Figure 1 Power Aware Real-Time Scheduling Research Roadmap
Currently, we are very interested in the power-aware real-time scheduling for multi-core type of architecture. The multicore architecture is becoming the mainstream platform for the following reasons. First, the transistor size continues to shrink, compounding the enormously high clock frequency, will lead to the exponentially escalating heat dissipation that is beyond any reasonable and cost-effective thermal control. Second, the growing memory-processor gap results in the diminishing return of processor performance improvement. Third, the exploitation of instruction level parallelism, which has been a key factor in driving the processor performance, cannot be sustained forever by processor innovations. As a result, the industry is switching its paradigm from high performance uniprocessor computing to highly parallel computing.
- Practical Validation
Theoretical research is often based on theoretically idealized models, whereas practical applications must deal with other important details added to the model. Studying power aware scheduling techniques with real-time applications can be extremely valuable. It helps to evaluate and validate the scheduling solutions and modeling assumptions, and further to identify new research problems. To this end, we have constructed two hardware test platforms that allow us to analyze and assess key properties of our theoretical work under different yet more accurate environmental conditions.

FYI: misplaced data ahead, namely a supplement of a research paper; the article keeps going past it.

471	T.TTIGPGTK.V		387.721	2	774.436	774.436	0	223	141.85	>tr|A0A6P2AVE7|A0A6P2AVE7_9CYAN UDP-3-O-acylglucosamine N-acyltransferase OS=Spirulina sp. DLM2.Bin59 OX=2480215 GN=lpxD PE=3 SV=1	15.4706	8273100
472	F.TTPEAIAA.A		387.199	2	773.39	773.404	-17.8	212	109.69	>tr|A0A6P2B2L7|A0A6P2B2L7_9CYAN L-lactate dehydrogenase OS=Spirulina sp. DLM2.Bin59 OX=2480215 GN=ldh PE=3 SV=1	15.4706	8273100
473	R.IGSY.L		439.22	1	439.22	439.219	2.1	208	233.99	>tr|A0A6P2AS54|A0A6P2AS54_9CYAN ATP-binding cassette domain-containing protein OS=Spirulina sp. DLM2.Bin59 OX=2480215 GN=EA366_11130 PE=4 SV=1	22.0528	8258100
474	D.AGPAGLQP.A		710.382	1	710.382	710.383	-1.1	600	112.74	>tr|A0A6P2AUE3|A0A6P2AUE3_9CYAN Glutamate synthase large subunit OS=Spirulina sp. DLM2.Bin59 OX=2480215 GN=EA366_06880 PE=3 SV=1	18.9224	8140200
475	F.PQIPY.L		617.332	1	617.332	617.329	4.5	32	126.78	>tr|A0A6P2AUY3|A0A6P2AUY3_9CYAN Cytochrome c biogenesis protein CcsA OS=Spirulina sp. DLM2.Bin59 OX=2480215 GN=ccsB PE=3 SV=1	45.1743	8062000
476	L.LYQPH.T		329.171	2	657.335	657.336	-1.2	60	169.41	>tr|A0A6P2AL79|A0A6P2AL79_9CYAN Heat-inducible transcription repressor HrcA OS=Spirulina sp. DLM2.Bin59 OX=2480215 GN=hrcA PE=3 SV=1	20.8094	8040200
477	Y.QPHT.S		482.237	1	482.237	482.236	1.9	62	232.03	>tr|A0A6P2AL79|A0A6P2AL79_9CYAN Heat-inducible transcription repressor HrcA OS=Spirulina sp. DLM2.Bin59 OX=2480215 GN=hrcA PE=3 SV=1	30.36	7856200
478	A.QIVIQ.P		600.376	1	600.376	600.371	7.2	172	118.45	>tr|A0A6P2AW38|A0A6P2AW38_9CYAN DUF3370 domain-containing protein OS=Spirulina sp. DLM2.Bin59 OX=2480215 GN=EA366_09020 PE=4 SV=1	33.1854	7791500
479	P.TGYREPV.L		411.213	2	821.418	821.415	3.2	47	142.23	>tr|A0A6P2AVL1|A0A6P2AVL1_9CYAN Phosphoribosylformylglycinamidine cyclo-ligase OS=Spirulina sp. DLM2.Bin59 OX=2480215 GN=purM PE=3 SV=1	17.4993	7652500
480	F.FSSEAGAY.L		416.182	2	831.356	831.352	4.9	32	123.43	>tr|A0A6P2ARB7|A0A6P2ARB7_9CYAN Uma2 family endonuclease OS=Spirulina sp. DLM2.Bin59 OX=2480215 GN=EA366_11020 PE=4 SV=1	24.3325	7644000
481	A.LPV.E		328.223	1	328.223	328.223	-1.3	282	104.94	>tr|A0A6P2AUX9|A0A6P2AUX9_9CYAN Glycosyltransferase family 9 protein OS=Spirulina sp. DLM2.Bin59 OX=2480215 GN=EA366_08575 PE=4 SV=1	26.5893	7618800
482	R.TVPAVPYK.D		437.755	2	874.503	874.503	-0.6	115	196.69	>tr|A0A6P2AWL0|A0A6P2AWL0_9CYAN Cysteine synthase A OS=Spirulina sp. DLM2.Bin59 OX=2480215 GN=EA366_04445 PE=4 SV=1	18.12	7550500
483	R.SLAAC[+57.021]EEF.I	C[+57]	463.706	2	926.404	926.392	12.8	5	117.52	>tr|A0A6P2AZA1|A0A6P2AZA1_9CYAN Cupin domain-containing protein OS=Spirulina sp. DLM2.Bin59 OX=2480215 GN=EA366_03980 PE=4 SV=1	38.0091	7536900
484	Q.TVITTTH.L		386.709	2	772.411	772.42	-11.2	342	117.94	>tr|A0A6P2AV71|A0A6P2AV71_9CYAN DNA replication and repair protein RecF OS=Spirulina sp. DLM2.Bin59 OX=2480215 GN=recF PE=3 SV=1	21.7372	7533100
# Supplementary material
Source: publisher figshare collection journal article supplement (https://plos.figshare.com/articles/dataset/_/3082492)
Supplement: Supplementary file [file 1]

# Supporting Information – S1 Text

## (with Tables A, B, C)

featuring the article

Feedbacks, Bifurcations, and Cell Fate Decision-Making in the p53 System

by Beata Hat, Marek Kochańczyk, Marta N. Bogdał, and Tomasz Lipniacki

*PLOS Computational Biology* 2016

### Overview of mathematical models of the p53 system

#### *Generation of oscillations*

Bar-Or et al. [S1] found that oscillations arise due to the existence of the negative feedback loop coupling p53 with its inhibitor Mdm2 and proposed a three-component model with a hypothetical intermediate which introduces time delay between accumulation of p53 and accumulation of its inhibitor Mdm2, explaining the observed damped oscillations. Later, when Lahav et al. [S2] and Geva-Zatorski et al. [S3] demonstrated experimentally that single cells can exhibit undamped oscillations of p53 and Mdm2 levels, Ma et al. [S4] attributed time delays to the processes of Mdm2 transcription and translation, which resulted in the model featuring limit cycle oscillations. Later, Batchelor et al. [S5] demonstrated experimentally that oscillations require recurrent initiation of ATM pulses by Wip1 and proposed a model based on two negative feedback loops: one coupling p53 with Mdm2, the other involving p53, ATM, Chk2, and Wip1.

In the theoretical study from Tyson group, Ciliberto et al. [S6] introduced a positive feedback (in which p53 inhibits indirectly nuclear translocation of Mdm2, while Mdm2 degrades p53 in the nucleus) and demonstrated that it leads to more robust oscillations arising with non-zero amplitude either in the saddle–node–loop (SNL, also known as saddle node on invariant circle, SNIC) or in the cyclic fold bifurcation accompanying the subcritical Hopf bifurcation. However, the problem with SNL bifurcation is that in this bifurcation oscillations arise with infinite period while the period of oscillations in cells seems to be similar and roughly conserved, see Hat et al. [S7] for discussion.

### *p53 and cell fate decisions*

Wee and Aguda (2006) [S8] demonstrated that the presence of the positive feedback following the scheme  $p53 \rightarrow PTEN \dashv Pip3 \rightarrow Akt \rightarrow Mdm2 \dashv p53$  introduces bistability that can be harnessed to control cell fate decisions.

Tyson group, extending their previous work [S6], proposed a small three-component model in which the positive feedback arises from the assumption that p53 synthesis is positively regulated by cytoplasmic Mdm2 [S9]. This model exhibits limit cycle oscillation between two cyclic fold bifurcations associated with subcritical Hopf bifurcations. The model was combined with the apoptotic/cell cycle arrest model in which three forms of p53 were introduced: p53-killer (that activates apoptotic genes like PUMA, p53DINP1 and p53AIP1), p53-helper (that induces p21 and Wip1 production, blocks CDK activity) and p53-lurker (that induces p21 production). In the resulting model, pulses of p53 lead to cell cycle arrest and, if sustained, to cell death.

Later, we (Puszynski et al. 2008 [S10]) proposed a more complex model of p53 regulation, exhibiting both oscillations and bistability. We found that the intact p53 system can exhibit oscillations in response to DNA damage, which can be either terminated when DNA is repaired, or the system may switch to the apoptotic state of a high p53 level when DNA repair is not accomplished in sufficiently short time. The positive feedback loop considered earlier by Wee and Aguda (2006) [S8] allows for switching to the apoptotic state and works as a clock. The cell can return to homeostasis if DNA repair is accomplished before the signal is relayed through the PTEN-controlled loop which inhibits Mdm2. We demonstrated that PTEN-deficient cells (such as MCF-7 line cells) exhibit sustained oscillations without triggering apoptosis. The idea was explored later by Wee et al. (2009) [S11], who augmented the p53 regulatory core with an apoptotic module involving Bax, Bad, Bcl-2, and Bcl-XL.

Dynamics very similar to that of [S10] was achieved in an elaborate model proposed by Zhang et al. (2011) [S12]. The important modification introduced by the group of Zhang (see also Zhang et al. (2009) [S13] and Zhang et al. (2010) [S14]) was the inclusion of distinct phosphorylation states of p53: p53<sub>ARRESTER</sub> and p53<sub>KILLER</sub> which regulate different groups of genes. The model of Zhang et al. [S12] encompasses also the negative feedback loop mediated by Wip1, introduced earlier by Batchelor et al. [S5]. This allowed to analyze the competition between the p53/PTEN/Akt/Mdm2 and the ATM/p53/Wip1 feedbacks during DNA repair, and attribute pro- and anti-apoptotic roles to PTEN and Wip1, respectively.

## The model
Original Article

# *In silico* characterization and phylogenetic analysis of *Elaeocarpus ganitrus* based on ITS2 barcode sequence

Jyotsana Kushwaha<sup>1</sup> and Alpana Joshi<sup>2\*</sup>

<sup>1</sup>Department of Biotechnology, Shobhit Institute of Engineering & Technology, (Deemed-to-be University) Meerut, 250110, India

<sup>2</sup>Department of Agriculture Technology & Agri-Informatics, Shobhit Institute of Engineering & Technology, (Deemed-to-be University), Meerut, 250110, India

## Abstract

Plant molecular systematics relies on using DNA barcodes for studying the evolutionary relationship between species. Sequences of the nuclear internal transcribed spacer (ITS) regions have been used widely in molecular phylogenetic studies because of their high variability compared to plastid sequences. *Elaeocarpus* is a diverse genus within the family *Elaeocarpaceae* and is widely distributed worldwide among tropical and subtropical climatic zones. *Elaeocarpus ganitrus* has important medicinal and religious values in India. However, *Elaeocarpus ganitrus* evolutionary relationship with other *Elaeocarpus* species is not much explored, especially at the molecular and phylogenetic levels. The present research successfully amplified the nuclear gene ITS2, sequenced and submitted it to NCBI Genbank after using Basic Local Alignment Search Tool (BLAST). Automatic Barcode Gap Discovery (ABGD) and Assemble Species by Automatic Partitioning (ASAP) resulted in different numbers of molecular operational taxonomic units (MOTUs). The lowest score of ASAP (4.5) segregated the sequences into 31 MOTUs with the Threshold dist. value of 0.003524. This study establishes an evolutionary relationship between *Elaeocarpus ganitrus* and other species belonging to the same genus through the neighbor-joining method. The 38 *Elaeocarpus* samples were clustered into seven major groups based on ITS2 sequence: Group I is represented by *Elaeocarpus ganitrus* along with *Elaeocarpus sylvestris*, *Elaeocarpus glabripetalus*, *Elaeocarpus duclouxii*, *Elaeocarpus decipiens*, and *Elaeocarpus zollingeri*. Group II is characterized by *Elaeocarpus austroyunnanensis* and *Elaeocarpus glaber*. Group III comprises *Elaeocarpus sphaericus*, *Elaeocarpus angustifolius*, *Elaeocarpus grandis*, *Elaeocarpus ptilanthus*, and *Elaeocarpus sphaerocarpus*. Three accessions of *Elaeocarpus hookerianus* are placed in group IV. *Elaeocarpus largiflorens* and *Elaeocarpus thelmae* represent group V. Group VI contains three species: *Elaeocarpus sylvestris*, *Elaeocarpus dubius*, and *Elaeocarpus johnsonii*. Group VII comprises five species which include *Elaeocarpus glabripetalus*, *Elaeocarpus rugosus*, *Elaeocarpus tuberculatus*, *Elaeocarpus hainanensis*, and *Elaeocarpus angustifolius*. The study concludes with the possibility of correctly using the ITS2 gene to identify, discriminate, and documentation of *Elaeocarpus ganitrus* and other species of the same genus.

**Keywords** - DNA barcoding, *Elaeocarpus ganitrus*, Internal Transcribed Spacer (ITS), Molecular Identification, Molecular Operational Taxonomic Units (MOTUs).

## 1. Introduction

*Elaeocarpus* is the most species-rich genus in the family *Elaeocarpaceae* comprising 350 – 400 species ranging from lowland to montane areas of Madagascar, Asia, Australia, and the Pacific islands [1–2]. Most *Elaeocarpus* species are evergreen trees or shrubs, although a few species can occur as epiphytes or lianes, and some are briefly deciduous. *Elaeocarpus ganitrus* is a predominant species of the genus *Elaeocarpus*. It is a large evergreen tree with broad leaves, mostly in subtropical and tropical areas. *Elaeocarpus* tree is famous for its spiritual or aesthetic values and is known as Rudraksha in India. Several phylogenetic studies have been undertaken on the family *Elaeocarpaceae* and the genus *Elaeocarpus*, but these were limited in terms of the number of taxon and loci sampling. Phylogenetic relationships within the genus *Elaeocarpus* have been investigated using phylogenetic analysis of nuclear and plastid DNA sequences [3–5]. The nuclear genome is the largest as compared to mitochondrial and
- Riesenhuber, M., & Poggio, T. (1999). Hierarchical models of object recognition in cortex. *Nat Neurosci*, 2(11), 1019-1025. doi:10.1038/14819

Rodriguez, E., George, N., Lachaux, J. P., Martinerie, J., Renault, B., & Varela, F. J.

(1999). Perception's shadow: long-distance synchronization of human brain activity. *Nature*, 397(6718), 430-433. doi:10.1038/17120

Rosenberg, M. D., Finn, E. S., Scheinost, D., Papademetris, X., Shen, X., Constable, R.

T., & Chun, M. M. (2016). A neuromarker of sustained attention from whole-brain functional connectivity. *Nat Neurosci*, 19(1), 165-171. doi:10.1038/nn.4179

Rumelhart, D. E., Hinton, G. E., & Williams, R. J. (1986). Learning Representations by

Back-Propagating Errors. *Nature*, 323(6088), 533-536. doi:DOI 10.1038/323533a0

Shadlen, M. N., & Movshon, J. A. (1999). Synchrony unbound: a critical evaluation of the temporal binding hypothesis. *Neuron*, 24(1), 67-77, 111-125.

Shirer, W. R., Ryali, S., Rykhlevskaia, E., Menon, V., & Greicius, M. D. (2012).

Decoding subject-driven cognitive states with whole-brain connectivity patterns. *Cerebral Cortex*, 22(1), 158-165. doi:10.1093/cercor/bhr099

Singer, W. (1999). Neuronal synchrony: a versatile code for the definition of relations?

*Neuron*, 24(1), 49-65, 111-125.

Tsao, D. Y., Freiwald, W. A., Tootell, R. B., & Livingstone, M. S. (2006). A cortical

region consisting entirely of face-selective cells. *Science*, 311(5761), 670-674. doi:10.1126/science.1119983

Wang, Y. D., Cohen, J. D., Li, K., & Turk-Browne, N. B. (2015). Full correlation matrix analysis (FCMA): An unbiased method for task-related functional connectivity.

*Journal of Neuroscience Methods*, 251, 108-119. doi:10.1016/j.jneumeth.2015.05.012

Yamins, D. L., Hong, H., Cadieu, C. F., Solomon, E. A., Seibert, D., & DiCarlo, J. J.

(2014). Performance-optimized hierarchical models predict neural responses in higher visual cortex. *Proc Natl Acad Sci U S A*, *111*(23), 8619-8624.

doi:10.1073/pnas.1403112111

The first test bed, primarily for uniprocessor scheduling verification, is based on the BitsyXb development board (with Intel Xscale PXA270), developed by Applied Data Systems, and Linux 2.6 kernel. We modified the kernel to accommodate pertinent real-time information that separates between real-time processes and other non-real-time processes. Multiple scheduling policies can be co-existed in the kernel and hot-swapped during run-time for the fair comparison of different scheduling schemes. Modifications are also made to the scheduler to enable the voltage/frequency scaling. We also implemented a number of utilities including period/aperiod process generation, deadline verification, profiling, and power measurement.
Figure 2 Testbed Based on BitsyXb Commercial Embedded Development Board.
The second test bed is developed on the reconfigurable hardware, i.e.Xilinx’s development board ML402, and primarily targets at the multicore-type architecture. The hardware architecture (as shown in the following figure) consists a number of processing elements (PEs) connected with interconnection network. Each PE consists a processor core, i.e. MicroBlaze or PowerPC, or other special functional unit, a small scratch-pad memory, a customized clock control IP, and a customized timer (for MB only since PPC has built-in timer already). With the customized clock IP, each PE can dynamically change its working frequency during run-time by software.
Figure 3 The Reconfigurable Multicore Architecture.